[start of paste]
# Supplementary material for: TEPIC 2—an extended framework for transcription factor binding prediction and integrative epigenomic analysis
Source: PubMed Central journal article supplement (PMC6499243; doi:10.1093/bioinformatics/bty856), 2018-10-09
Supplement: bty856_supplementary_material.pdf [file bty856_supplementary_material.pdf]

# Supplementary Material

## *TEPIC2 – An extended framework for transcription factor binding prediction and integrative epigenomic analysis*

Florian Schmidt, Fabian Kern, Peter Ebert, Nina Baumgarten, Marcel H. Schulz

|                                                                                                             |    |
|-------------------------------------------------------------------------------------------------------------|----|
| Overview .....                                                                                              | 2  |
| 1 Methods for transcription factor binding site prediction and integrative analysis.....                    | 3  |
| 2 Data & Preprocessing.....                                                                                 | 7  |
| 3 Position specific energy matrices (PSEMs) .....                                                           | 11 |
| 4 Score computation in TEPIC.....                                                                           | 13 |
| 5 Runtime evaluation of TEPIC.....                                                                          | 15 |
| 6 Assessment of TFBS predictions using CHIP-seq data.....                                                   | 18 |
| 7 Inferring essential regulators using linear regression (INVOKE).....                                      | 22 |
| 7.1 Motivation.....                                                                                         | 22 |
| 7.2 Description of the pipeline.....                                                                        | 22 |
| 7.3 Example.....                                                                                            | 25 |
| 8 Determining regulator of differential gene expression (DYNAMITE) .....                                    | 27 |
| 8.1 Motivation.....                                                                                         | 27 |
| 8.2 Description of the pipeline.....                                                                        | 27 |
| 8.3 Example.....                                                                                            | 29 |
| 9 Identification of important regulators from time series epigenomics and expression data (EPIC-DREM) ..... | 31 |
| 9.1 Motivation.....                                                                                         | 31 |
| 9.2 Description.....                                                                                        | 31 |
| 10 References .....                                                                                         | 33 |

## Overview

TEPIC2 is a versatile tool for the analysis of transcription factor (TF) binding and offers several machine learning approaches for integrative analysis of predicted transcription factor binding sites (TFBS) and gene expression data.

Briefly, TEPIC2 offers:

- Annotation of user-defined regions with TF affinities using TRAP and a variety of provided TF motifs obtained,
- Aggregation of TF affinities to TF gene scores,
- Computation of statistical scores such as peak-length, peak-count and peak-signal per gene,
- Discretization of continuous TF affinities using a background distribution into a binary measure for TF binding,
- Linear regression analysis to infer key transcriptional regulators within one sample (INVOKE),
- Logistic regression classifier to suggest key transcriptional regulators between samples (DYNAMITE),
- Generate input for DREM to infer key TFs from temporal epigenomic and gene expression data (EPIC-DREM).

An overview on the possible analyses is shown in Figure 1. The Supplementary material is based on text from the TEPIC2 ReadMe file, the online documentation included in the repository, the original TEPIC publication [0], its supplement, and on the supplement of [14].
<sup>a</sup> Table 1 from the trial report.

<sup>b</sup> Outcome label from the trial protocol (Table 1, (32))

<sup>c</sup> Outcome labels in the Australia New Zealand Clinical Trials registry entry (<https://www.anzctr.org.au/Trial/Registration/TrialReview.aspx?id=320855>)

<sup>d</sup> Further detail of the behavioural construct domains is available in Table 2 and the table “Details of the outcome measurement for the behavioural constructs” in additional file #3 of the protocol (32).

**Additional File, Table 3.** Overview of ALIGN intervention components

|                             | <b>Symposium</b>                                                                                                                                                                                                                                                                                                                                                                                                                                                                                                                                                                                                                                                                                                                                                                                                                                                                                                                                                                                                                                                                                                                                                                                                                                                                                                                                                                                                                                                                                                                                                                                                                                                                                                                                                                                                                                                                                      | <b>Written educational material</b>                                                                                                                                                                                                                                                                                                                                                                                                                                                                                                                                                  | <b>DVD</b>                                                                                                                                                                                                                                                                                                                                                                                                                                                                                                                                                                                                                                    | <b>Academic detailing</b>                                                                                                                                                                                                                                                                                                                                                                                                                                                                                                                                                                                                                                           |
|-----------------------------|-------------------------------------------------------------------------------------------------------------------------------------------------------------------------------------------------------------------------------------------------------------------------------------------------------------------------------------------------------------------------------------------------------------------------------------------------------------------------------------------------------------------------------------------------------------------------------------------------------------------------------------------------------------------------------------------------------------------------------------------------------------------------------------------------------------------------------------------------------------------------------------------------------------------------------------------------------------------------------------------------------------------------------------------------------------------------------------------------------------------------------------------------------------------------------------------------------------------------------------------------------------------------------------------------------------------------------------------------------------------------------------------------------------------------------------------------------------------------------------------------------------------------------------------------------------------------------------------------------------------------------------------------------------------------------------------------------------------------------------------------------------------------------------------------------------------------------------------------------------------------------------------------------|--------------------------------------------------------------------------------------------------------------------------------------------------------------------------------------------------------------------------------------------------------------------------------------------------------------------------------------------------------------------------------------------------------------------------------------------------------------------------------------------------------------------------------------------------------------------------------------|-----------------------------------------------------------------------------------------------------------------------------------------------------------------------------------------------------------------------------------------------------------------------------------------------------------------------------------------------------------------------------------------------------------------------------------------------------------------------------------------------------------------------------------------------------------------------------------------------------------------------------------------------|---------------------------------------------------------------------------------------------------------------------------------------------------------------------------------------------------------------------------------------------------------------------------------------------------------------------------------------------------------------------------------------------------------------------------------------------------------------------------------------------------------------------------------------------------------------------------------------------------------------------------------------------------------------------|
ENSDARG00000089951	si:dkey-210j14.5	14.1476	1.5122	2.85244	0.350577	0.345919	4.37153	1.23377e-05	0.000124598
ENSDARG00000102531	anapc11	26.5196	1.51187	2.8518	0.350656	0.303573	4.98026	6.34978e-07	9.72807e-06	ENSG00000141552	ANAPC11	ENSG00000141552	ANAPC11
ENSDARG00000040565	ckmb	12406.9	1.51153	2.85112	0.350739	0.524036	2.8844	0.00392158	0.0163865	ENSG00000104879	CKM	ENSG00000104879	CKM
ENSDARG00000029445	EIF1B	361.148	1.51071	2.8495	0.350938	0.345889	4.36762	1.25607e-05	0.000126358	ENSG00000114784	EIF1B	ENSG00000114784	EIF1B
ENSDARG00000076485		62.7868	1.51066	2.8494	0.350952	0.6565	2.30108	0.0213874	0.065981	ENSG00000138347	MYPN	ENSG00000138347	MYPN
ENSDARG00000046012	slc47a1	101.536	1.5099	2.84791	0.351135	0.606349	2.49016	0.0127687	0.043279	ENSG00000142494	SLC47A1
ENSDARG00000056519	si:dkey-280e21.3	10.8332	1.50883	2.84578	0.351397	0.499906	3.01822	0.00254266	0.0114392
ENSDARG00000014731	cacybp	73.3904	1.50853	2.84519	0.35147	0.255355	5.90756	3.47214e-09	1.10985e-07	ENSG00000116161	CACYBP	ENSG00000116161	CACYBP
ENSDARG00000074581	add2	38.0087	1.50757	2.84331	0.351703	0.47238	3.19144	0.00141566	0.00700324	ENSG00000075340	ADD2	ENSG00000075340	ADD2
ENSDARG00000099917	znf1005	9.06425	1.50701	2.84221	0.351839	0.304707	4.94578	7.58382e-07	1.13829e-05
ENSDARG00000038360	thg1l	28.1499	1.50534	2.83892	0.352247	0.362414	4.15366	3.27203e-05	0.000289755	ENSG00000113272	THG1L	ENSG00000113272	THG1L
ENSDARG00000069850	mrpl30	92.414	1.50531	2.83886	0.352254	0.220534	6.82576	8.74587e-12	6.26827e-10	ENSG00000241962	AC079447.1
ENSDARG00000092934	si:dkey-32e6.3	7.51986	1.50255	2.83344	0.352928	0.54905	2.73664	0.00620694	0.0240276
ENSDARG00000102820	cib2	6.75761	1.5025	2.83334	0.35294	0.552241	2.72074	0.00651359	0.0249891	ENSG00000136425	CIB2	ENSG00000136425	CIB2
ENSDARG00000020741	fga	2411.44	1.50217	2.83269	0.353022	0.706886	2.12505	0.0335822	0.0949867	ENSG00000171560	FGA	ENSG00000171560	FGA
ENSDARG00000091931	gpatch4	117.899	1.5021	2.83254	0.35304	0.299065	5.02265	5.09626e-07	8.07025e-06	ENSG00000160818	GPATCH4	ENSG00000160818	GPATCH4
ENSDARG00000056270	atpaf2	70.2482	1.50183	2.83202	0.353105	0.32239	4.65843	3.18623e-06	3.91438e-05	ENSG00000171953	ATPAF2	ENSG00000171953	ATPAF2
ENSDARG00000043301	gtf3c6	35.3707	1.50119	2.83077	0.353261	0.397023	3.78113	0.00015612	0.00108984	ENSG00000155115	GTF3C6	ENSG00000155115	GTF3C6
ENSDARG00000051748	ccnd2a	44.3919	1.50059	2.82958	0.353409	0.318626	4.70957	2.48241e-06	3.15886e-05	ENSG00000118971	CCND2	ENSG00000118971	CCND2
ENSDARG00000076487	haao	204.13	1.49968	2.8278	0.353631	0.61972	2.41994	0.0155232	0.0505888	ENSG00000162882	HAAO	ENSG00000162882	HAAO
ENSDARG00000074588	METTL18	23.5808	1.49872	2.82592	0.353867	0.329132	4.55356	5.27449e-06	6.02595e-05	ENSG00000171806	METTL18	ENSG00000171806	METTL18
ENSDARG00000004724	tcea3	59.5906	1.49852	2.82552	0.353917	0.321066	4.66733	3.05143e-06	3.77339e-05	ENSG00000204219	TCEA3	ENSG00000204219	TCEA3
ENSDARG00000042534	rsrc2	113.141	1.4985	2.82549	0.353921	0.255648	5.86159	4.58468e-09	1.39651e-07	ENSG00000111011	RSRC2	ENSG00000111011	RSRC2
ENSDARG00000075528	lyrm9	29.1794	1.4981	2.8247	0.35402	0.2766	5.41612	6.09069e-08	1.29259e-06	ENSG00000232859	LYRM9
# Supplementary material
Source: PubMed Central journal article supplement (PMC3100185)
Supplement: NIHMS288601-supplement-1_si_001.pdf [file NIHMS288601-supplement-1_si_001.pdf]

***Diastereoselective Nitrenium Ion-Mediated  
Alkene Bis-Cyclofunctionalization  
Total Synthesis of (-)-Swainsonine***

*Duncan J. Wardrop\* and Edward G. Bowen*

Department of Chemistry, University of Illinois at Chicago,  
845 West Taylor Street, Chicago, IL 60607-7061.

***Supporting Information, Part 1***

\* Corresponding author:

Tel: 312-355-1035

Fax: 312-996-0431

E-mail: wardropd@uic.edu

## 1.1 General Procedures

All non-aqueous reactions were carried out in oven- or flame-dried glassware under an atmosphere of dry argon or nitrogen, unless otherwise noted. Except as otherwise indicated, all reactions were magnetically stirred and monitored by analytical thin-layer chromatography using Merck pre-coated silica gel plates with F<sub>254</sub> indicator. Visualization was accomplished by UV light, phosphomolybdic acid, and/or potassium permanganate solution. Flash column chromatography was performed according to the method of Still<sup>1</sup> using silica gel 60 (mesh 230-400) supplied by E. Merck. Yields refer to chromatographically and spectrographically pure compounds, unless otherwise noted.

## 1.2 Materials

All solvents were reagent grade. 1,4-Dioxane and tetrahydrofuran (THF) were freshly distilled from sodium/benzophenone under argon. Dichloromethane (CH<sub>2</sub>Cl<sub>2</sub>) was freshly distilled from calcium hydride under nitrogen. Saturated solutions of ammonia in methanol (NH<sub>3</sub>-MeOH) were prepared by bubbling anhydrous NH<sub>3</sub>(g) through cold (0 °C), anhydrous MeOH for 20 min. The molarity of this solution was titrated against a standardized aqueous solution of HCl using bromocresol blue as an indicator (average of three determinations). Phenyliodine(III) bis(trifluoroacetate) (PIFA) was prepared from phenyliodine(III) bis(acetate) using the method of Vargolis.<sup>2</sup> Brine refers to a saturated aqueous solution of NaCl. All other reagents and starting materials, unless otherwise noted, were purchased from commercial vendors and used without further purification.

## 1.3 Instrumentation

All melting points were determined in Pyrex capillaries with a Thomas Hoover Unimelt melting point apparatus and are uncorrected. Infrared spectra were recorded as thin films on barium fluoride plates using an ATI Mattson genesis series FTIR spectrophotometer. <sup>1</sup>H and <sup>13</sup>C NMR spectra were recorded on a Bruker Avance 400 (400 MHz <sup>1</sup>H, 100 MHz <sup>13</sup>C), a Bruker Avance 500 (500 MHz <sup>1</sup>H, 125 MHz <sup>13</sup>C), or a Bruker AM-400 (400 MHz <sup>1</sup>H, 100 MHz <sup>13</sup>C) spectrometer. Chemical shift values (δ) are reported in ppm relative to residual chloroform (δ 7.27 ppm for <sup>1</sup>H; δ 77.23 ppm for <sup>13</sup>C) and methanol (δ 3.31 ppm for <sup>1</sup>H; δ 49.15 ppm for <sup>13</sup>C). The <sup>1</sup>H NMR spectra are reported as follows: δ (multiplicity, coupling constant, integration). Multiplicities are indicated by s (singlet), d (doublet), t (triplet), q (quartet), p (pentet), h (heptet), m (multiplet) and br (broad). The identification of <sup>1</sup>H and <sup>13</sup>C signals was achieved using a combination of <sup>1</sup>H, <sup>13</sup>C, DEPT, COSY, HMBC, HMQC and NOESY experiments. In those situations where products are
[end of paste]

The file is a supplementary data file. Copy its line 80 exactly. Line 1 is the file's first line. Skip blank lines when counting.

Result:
\* Corresponding author: